Data were processed in accordance with the Cochrane Handbook for Systematic Reviews of Interventions [20]. Meta-analysis was carried out using Review Manager Software 5.2 (2011, Cochrane Collaboration and Updated Software). Relative risk (RR) with 95% confidence interval (CI) was calculated for dichotomous variables. For continuous outcomes, net changes were compared a mean difference (MD) or standardized mean difference (SMD), and corresponding 95% confidence interval (CI) were calculated for each study. Heterogeneity test of each outcome was conducted using the Chi-square test with non significance () indicating no heterogeneity among studies [22]. Degree of heterogeneity was evaluated using statistic [22]. Where there was no heterogeneity, a fixed-effect model was performed in meta-analysis, otherwise random effects model was used. If substantial heterogeneity was detected, the review authors looked for possible explanations, and considered to use the following options: provide a narrative overview, not aggregate the studies at all, or use a random-effect model with appropriate cautious interpretation. Subgroup analysis or sensitivity analysis was applied to explore the cause of heterogeneity among studies.

3. Results

3.1. Study Identification

Figure 1 summarizes the flow of the literature search and selection process. A total of 474 records were identified from the relevant databases, and 130 duplicate records were excluded. Among the 344 potential articles, 274 were excluded by reading the title and abstract. 80 full-text articles including ten of which was identified from the reference lists were evaluated for their eligibility. 44 articles were further excluded because they did not meet the inclusion criteria. A list of excluded studies can be found in Appendix B. Finally, 36 studies with a total of 2393 participants were eligible to be included in this systematic review [2358].

3.2. Characteristics of Included Studies

Characteristics of the methods, participants, intervention, comparison group and outcome measures of each included studies in this review were shown in Table 1. Among the 36 included studies, only one [36] was conducted in Mexico and others conducted in China. 2 of 36 articles were reported in English, and the remaining reported in Chinese. Participants in the included studies involved in healthy individuals or patients with chronic diseases, and their ages ranged from 30 to 82 years. 22 trials [2344] compared TCC with nonintervention. The remaining trials were designed comparing TCC plus conventional treatment with same conventional treatment. In these trials, frequency of TCC intervention was at least 3 times one week, more than 30 minutes per time with at least 1 month duration. Two studies reported the primary outcomes including the incidence of fatal, nonfatal stroke and cardia-cerebrovascular disease [48, 58], and others mainly focused on the risk factors of stroke such as body weight, blood pressure, blood lipids, or blood glucose. No studies reported the adverse events.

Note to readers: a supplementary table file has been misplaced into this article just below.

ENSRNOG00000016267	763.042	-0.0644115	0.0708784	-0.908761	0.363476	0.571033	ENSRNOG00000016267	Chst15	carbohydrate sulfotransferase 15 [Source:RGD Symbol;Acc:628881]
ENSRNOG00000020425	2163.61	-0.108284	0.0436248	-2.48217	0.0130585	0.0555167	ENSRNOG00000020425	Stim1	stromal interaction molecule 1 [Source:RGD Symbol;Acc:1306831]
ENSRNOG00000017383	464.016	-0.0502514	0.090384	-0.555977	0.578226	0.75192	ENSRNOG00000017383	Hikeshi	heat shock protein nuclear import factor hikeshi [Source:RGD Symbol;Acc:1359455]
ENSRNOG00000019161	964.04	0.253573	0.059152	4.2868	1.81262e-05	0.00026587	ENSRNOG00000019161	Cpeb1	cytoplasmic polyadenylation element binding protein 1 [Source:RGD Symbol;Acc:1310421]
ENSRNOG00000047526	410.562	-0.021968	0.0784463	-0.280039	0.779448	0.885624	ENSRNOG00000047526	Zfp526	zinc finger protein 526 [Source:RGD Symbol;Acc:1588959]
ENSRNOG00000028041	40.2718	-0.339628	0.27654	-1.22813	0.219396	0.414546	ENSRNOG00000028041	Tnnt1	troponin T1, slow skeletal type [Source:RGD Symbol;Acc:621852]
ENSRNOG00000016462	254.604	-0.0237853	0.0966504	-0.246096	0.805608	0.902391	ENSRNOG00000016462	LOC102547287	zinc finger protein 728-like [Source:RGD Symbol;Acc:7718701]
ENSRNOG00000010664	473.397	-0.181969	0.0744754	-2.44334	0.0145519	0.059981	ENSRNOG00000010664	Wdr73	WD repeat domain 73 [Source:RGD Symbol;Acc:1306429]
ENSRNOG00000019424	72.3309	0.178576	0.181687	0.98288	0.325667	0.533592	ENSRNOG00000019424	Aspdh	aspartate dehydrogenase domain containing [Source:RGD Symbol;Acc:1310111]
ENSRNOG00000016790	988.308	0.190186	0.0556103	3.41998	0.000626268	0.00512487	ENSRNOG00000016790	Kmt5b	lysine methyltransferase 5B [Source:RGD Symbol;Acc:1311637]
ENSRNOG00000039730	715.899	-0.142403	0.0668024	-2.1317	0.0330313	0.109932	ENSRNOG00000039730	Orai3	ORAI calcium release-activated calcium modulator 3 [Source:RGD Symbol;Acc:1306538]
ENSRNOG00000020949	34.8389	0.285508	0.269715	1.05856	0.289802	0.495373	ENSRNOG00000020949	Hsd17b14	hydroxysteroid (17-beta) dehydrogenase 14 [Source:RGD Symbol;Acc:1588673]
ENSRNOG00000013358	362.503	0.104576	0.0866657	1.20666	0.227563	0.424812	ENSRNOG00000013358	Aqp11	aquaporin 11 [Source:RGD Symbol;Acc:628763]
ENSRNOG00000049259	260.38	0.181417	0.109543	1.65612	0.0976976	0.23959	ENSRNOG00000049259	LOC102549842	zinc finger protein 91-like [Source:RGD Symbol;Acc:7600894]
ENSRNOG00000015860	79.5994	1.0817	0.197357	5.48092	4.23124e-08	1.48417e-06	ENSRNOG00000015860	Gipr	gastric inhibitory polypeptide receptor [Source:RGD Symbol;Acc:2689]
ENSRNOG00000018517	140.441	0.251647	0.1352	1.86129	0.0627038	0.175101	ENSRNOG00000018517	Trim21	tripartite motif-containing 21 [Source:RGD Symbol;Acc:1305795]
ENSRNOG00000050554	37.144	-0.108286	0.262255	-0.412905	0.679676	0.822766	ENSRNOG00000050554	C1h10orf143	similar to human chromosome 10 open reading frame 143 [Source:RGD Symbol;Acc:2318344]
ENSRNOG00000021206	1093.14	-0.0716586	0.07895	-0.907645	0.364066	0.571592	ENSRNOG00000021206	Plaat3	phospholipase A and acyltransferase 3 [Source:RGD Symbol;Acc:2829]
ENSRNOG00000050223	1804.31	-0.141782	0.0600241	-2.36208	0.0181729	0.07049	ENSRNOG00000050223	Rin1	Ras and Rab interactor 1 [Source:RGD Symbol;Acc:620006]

Author, yearMethods Participants total (T/C)Mean (SD)/range age; subjectsInterventionFrequency and duration of TCC intervention Outcomes
TreatmentControl

Ding and Yang 2006 [23] RCT60 (30/30)mean 65/66 (T/C) years; Hyperlipidemia patientsTCCNonintervention50 minutes per time and 5 times a week for 20 weeksTC, TG, HDL-C, LDL-C
Liu and Zhang 2001 [24] RCT86 (44/42)mean age: 64.8 years; Healthy eldersTCCNoninterventionabove 60 minutes per time and twice a day for more than 48 weeksBMI, TC, TG, HDL-C, LDL-C
Ma and Dong 2011 [25] RCT30 (15/15)middle-aged and elderly adults Hyperlipidemia patientsTCCNonintervention60 minutes every day for 24 weeksTC, TG, HDL-C, LDL-C
Mao et al. 2007 [26] RCT80 (40/40)mean 63 years; Healthy elderly womenTCCNonintervention45 to 60 minutes per time and 3 times a day for 48 weeksTC, TG, HDL-C, LDL-C
Sha 2007 [27] RCT40 (20/20)mean 64.5/63.4 (M/W) years; Healthy eldersTCC Nonintervention60 to 120 minutes per time and 5 to 7 times a week for 72 weeksTC, TG, HDL-C, LDL-C
Wang 2010 [28] RCT85 (40/45)Mean 56.46/56.34 (T/C) years; Healthy elderly womenTCC Nonintervention30 minutes per time and 4 times a week for 18 weeksSBP, DBP
Wu et al. 2010 [29] RCT40 (20/20)mean 51.3/52.4 (T/C) years; Healthy eldersTCCNoninterventionabove 60 minutes per time and above 3 times a week for 24 weeksSBP, DBP, FBG, FPI
Yan and Zhang 2006 [30] RCT32 (16/16)mean 50.5/50.8 (T/C) years; Healthy eldersTCCNoninterventionabove 30 minutes per time, once a day and 5 to 7 times a week for 48 weeksTC, TG, FBG, PBG